Thoughts From NRF’s Big Show

Based on the products on display at the conference, it seems retailers are focused on making shopping easier—even from your phone.
Published: January 13, 2011

This week, I had the opportunity to attend the National Retail Federation‘s Big Show, the organization’s annual conference and exposition. The event was better attended than last year’s show, and there was noticeably more energy.

One big focus was clearly mobile commerce. Many vendors demonstrated solutions using QR codes, which are 2D bar codes that can be read with mobile phones, and that can take a user to a Web site, where that person can then obtain more information about a particular product and purchase it.

There was a lot of focus on the customer experience as well. Intel had one of the coolest and most trafficked booths. It showed off a vending machine and an experimental end-cap display that employed gender-detection software to determine whether a man or woman was approaching. The system can also determine age groups, to some degree—that is, it can discern that a teenage girl is approaching, for instance, or a middle-aged man.

The idea is to present information relevant to the individual approaching. So the end-cap display contained an interactive video screen that would display images of Gillette shaving products for women if a female attendee were standing in front of it, or information about products for men if the attendee were male.

The end-cap display also included RFID-enabled shelves, so if a customer were to pick up a razor, for example, information about that product would be displayed on the video screen. The system used gesture-recognition technology, so a person standing in front of the display could move his or her hand over a product image to select additional information about it. This was a big hit with attendees.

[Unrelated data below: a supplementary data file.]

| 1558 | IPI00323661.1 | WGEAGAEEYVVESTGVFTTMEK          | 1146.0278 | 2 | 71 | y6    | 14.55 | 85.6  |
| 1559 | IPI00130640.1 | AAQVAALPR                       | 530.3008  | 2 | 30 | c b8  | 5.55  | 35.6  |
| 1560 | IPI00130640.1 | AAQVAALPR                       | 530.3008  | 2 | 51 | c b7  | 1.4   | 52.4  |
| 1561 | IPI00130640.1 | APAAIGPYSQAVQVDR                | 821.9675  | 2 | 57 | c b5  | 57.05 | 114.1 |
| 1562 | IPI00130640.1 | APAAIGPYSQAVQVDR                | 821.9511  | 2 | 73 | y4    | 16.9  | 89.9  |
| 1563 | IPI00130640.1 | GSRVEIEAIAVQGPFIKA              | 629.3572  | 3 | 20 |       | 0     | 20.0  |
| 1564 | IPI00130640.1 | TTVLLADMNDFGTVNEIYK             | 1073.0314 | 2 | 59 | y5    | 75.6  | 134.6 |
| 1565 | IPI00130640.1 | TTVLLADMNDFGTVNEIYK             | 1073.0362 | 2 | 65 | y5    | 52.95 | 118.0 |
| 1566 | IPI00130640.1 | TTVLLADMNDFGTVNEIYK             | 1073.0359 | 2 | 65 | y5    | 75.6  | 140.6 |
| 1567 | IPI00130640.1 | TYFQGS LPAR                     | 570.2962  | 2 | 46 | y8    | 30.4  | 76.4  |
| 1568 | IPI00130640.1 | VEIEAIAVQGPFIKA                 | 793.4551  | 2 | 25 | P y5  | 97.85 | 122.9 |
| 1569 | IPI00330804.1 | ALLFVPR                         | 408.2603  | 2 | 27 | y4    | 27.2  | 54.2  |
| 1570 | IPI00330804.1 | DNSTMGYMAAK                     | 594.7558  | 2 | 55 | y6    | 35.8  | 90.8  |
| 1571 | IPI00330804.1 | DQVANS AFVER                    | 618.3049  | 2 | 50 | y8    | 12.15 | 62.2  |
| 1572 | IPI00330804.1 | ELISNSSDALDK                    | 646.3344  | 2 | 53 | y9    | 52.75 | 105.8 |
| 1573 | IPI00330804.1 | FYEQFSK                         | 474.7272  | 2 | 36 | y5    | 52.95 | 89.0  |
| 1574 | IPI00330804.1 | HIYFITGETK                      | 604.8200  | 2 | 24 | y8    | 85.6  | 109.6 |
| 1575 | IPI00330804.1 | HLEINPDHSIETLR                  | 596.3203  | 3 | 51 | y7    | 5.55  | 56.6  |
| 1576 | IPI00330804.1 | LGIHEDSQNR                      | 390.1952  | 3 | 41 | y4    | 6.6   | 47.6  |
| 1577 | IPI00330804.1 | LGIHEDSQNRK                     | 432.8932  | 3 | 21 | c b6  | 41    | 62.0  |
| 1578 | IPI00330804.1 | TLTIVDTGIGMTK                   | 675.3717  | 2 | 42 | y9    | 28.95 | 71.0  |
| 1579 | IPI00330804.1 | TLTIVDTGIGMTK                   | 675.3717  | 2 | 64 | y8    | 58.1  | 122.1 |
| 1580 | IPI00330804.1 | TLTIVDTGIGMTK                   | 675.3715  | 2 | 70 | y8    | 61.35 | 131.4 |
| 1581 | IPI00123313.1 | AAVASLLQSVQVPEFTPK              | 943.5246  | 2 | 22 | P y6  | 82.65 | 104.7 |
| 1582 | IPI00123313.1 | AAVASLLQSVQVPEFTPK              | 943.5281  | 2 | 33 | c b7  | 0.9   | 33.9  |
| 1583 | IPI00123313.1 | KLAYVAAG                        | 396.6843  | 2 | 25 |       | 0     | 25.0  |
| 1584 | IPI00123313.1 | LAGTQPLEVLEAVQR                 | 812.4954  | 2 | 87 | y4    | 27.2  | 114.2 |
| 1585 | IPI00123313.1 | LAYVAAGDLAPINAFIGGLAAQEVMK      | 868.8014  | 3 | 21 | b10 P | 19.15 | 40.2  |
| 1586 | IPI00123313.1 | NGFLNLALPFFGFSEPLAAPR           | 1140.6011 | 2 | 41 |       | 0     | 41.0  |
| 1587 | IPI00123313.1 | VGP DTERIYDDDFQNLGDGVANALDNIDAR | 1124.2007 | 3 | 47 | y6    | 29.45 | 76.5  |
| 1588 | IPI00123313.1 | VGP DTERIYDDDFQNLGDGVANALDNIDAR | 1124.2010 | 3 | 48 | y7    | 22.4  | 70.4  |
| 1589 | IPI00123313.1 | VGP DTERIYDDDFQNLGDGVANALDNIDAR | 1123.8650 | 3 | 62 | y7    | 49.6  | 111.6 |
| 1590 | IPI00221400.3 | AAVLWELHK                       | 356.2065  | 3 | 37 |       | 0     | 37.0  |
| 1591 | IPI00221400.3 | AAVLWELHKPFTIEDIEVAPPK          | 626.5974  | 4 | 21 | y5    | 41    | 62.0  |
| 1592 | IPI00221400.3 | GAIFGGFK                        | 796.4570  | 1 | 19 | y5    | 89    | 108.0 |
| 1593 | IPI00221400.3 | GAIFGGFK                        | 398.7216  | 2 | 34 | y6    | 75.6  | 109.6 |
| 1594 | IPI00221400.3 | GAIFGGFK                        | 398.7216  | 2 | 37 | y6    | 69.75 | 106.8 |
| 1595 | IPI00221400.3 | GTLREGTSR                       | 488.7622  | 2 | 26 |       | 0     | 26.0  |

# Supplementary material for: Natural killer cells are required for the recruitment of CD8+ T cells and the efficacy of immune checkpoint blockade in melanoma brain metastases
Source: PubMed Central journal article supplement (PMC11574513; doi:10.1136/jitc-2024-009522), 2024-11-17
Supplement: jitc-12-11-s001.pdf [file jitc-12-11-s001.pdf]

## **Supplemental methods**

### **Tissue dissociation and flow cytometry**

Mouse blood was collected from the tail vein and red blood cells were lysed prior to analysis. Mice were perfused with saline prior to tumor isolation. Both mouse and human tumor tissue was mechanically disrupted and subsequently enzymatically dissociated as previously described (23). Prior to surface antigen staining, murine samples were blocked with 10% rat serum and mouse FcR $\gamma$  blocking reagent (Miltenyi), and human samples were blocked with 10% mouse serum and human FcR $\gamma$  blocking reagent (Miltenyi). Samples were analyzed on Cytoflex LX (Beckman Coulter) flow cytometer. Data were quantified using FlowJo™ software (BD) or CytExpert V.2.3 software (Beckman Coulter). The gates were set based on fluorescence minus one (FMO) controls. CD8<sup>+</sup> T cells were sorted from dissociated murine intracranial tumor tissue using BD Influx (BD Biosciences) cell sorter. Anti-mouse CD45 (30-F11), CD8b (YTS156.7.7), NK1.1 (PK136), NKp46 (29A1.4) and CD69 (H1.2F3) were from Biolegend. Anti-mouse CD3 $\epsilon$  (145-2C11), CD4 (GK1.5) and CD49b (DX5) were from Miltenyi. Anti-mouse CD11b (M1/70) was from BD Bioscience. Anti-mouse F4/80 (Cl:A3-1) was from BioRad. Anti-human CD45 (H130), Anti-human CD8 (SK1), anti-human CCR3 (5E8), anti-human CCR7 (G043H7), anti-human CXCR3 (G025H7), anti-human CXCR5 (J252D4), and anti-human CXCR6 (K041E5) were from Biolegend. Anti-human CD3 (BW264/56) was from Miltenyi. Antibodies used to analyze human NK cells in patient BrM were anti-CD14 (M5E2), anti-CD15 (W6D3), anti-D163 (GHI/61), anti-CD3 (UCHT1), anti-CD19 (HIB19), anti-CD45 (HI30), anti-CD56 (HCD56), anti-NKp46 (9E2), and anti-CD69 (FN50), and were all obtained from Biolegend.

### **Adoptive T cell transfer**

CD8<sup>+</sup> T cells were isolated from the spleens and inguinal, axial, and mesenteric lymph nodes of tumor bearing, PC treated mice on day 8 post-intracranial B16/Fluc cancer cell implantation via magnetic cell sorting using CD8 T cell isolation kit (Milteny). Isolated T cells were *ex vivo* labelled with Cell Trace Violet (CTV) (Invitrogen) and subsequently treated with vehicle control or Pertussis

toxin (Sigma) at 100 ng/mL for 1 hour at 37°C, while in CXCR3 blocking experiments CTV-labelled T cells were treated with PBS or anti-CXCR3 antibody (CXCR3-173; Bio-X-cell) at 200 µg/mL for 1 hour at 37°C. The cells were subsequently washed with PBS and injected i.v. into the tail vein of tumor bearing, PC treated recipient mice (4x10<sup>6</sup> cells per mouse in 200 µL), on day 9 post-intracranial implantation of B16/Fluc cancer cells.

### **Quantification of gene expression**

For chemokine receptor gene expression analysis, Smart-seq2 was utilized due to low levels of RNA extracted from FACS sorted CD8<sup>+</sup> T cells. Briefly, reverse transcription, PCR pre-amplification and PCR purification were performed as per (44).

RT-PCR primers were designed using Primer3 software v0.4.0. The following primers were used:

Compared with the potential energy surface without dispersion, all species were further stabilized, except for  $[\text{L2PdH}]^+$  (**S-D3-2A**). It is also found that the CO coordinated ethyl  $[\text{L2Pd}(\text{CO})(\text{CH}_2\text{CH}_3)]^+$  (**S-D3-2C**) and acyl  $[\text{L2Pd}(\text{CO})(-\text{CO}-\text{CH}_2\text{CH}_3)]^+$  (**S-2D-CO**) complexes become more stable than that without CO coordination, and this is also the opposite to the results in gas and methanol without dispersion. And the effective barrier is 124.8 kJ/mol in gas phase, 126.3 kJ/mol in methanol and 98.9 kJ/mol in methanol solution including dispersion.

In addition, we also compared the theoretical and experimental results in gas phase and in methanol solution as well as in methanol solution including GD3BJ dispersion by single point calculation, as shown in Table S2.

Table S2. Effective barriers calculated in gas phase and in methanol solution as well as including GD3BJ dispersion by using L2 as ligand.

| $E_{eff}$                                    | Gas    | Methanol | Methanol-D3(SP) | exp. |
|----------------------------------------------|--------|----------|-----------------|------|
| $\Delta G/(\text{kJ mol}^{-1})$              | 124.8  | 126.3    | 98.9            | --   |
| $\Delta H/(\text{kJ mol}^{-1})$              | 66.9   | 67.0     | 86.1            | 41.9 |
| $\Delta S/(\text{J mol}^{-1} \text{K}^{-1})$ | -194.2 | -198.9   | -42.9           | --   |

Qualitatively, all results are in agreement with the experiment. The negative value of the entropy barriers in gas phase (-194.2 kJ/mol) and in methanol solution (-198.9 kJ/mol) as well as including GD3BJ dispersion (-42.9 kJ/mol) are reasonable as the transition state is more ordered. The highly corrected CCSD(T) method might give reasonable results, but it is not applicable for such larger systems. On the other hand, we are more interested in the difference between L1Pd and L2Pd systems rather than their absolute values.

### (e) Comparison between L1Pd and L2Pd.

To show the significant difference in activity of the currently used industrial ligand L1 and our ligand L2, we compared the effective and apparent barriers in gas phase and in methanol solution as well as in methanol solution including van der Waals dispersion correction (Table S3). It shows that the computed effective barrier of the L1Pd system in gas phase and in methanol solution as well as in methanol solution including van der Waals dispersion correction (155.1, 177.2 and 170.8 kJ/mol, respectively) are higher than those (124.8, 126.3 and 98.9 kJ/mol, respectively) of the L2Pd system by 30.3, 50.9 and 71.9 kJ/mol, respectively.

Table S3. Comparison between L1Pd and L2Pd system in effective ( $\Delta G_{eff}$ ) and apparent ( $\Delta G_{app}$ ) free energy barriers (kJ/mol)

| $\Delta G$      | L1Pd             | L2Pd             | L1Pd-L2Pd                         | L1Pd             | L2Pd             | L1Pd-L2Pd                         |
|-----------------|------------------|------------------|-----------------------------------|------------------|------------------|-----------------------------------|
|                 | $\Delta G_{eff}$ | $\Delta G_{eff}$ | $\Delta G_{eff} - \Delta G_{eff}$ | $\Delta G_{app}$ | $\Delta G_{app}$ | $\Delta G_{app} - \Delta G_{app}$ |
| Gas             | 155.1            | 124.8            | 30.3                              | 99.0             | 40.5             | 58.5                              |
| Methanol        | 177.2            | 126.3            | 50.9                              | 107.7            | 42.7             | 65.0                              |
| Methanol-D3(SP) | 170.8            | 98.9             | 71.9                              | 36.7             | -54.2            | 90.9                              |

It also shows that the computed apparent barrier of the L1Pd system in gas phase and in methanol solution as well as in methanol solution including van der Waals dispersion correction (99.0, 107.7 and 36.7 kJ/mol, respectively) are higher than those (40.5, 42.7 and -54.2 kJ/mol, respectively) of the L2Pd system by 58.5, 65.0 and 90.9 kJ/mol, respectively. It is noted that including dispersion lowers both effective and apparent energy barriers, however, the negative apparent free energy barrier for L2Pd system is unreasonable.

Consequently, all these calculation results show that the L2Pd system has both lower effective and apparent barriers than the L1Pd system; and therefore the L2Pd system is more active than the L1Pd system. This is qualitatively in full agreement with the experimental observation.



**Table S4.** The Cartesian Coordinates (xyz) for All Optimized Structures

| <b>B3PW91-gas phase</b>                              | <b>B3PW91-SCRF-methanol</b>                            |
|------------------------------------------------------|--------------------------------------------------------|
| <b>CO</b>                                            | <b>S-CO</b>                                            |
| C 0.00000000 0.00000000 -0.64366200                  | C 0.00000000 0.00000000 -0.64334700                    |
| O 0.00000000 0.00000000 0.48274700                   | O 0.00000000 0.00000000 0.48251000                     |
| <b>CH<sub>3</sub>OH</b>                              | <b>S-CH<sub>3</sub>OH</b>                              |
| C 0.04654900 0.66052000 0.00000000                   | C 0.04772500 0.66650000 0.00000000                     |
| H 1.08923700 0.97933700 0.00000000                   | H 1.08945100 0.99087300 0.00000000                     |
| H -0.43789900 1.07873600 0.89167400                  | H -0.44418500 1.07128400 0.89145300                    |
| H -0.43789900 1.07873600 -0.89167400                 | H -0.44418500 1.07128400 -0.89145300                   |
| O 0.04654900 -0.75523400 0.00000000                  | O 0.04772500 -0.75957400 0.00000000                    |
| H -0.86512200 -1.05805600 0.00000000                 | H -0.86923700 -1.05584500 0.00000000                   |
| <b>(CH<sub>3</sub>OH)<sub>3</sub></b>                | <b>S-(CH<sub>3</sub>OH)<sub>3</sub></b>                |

Intel also had large touch-screen video displays—perhaps eight feet high by 15 feet wide—showing images of sneakers. Attendees could scroll through the photos by swiping a finger, much like using an iPhone.

At Motorola‘s booth, Truecount and other partners displayed their RFID-enabled retail solutions. At UPM Raflatac‘s booth, Seeonic displayed a shelving unit with jeans, to demonstrate how the system could capture valuable information regarding what is sold, and then issue replenishment alerts. Pittsfield ID displayed a tool enabling retailers to show ads based on tagged items picked up by customers. And Retailers Advantage showed off an RFID tag designed for tracking and reducing theft.

Retailers are understandably interested in mobile commerce. One department store executive told me his company’s online sales were growing 10 times faster than store sales. It’s understandable that retail companies are excited by interactive displays and other cool new technologies, because they feel that shopping in a store has to be as easy and satisfying as shopping online.

Mark Roberti is the founder and editor of RFID Journal. If you would like to comment on this article, click on the link below. To read more of Mark’s opinions, visit the RFID Journal Blog or the Editor’s Note archive.